Monday, 8 September 2014

How I became red faced....part the second

It's all about the Parade of Sail that marks the start of the Tall Ships Race.  This year, from Falmouth to Greenwich. 

The fleet of Tall Ships parades out of harbour to open sea.  It really is the most amazing spectacle, especially considering that lots of these ships are built relatively recently and equipped for disabled and able bodied crew to work together.  So many ships were offering opportunities for life changing experiences to youngsters under 25.  We'd have jumped at it. *cough* 25 years ago.

All of these photos were taken by my talented cousin and I'm grateful for every one of them, they saved me from the embarrassment of having to use my phone because I'd forgotten my old point and shoot.  Stupid huh.


So in time for an on board coffee, we joined the gentle melee in the harbour.  There was a slightly more dignified entry into the launch and a very gentle motor to the yacht mooring.  Do you know that very often there's a lower part at the back of a yacht that is almost level with the water (and therefore the launch in which you approach). It's called the 'sugar scoop' which is such a nice name.  And I was looking forward to being part of the maritime world by concealing my excitement and casually stepping aboard via the scoop. Gripped with invisible strength of course, by Mr Dunnit, who would look as though he were casually taking my elbow in a Mr Darcy inspired politeness.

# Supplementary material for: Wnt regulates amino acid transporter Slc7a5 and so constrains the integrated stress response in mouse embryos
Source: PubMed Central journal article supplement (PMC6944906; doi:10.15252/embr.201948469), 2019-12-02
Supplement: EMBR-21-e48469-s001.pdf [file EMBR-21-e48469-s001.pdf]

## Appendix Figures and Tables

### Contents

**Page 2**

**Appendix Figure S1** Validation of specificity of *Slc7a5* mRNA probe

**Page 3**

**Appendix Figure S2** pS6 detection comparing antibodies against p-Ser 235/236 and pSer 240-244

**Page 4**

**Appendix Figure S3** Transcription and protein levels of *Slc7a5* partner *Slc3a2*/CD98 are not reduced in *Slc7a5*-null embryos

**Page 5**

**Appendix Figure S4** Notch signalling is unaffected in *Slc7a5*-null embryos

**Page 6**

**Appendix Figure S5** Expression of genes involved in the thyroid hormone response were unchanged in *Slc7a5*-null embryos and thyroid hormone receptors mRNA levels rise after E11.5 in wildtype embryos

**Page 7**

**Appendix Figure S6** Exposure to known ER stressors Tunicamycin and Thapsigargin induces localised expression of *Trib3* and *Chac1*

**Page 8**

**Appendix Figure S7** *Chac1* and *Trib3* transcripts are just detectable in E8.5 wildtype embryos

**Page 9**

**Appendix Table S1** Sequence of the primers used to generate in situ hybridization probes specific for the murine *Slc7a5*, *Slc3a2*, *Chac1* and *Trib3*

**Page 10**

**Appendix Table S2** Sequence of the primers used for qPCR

It didn't happen.  Robin, our Captain, felt it was all too complicated and unnecessary.  Far easier to bring the launch 'alongside' and just climb on.  Oh OK.  Did I look up at the 4foot of yacht side above me and the little wire fence running around the yacht edge which allowed no more than a foot hold on the outside edge and think 'oh no...it's OK people, I'll stay in the launch'?  No sir I did not.  I looked up, took a deep breath and erm, let Mr Dunnit go first.  And then I did it.  because I had to.  And do you know, the help from Mr Dunnit was actually more of a hindrance.  We somehow ended up holding onto each other without either of us being able to move - me forward and over the fence and him backwards to make room on account of the cabin.....so we hugged while we worked it out.  It was good! 
The flotilla was huge, the papers say about 1000 small vessels.  There was no trouble, and of course, because we were on the water, it seemed quiet.  The atmosphere was just plain relaxed and smiley. Or were all the friendly waves becasue of my amazing sea-going outfit, I now wonder?  The landlubbers that knew the best lookout points were in such numbers that the fields and points above St Mawes, Pendennis Point and places whose names I cannot remember were like multicoloured mosaics.
Thanks to our Captain, we pursued the fleet under our own sail - it was really thrilling. The tall ships approached open sea and halted for the start of the official race, and within about forty minutes, the number of littler craft bobbing about became so much less that it was almost as if we had imagined it.  We quietly made our way a short distance up the Helford River, weighed anchor and sat in the cabin with mugs of tea and ate chocolate. Technically we were waiting for the tide to change so that we could get the yacht back to its mooring.  But really we were allowing the adrenaline and vision overload to settle. We had much to say about how hard it would be to name your own yacht.  This conversation based on some shockingly named vessels that sailed past us.  It seems popular to make a single name out of a couple's two names.  We couldn't settle on that...which half of who's name should be first.  And anyway, it sounded awful.  I wouldn't mind an acronym (surprise), just to make people guess as they sail by. But I don't want anything cheesy - YWorri and Better than Work don't appeal.  And then of course, there's the reality check....the name of a yacht is not really likely to be one of our future dilemmas.